There were apparently no laws for asylum seekers in any Gulf countries until autumn 2018.
Qatar: Gulf’s First Refugee Asylum Law [...]
Qatar passed Law No. 11/2018 on Organizing Political Asylum on September 4, 2018, alongside two other laws regulating residency in the country. One abolished exit permits for most migrant workers, and the other allows people for the first time to apply for permanent residency. Both point to Qatar’s increased respect for international standards, but, as with the new asylum law, neither fully aligns with international human rights law.
And as the HRW article goes on to detail, there are quite a few caveats in the Qatar asylum law. And by Feb 2019, they had not accepted anyone under that law:
The government has so far failed to implement a law passed in September 2018 that sets out the standards for granting asylum and the rights and benefits for people granted asylum in the country. The government says that the infrastructure necessary to enforce the law has not yet been set up.
Outside of Gulf countries per se, Turkey (as you probably know) has taken in quite a few Syrian refugees, but their legal status is rather recently decreed and as with many other things in Turkey recently, the legal facade is sometimes not that relevant in practice.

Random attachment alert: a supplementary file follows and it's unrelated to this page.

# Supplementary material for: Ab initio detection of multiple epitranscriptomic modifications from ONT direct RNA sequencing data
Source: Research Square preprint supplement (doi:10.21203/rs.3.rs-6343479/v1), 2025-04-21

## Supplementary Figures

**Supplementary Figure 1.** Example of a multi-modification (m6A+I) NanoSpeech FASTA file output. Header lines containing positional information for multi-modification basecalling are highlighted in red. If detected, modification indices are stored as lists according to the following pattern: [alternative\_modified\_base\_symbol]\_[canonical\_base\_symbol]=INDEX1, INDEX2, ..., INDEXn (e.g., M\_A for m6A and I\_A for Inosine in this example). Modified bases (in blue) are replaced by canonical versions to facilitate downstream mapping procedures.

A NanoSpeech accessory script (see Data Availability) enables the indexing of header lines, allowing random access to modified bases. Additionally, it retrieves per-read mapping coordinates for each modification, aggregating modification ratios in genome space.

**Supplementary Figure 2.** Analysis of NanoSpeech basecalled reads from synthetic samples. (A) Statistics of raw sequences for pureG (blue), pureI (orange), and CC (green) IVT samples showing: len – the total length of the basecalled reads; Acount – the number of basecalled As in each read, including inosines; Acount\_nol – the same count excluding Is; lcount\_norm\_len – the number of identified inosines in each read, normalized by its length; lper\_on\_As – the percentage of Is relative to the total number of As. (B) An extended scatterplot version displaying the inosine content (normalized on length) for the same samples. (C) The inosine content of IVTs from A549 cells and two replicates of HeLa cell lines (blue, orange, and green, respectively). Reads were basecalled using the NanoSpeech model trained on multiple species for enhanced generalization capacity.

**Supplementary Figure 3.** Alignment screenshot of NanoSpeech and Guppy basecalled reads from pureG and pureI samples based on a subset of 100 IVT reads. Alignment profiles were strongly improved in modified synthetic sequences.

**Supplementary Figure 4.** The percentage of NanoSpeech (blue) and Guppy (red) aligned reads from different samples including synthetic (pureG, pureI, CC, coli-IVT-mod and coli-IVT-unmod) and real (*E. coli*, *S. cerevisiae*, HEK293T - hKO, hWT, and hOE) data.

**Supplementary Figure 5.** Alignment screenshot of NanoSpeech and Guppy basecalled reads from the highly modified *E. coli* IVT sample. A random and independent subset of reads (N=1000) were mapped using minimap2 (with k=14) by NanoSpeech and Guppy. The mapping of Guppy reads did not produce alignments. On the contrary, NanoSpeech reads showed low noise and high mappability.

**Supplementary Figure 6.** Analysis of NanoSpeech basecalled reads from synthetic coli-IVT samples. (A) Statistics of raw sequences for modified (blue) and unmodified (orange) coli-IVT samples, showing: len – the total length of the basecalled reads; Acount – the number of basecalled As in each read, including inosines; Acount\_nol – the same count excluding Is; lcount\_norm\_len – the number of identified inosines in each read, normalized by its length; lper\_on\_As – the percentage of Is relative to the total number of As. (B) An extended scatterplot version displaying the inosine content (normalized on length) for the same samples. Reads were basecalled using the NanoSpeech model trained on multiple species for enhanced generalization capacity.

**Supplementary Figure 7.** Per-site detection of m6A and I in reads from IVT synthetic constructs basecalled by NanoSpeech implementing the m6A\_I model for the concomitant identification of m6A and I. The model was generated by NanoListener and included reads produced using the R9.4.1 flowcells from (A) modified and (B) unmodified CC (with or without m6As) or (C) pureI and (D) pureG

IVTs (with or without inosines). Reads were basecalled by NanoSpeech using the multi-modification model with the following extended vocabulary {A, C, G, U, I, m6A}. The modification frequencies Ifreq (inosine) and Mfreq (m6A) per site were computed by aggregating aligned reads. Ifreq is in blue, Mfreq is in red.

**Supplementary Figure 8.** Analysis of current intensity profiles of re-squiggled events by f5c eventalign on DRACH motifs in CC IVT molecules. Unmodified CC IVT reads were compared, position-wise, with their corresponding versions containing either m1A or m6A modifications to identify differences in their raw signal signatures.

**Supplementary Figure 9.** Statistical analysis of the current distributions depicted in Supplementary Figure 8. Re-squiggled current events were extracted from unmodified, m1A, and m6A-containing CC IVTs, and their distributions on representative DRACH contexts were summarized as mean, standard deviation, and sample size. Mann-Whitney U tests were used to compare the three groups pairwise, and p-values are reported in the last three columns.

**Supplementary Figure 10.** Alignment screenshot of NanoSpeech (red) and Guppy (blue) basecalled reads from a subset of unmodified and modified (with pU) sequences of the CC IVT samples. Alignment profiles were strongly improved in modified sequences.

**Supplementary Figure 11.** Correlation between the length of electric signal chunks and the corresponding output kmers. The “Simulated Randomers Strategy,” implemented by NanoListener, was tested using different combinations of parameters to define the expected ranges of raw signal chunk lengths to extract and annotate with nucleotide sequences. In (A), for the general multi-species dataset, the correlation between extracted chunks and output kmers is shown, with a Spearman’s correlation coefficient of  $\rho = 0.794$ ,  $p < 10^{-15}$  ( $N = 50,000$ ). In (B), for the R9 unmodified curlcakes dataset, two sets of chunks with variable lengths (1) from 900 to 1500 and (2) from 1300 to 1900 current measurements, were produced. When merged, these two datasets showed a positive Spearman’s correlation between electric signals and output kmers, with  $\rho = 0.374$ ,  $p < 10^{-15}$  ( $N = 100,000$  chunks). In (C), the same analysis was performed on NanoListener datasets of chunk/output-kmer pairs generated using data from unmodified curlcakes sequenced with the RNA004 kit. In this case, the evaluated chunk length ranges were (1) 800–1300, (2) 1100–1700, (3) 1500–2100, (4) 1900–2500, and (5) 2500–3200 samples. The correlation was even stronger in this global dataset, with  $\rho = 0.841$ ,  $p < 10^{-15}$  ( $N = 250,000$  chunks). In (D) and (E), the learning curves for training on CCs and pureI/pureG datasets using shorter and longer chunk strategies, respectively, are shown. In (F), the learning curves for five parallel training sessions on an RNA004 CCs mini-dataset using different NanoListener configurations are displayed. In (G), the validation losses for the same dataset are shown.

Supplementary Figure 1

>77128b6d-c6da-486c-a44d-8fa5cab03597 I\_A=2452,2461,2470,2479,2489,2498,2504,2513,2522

In 2013, Turkey adopted its own legal framework on the protection of asylum seekers and refugees. In October 2014, Turkey also adopted a regulation under which it grants Syrians temporary protection. As of June 28, 2018, Turkey said it had registered 3,562,523 people under the regulation. Registered Syrians are entitled to assistance. Even though the regulation says Syrians who fail to register will not be deported to Syria and will only face an “administrative fine,” Human Rights Watch found that unregistered Syrians have been deported for not having temporary protection permits. [...]
Agencies said their extremely limited contact with unregistered Syrians means they can neither estimate how many unregistered Syrians now live in Hatay and other [Turkish] provinces, nor the extent to which the registration suspension has led to deportation and denial of service access.
And regarding Lebanon,
There are approximately 1.5 million Syrian refugees in Lebanon; however, 74 percent lack legal status. Authorities heightened calls for the return of refugees in 2018 and municipalities have forcibly evicted thousands of refugees.
And even those that do have legal status, what they seem to have is a "circulation permit" that entitles them for a 12-month stay in Lebanon while UNHCR is trying to resettle them in other countries.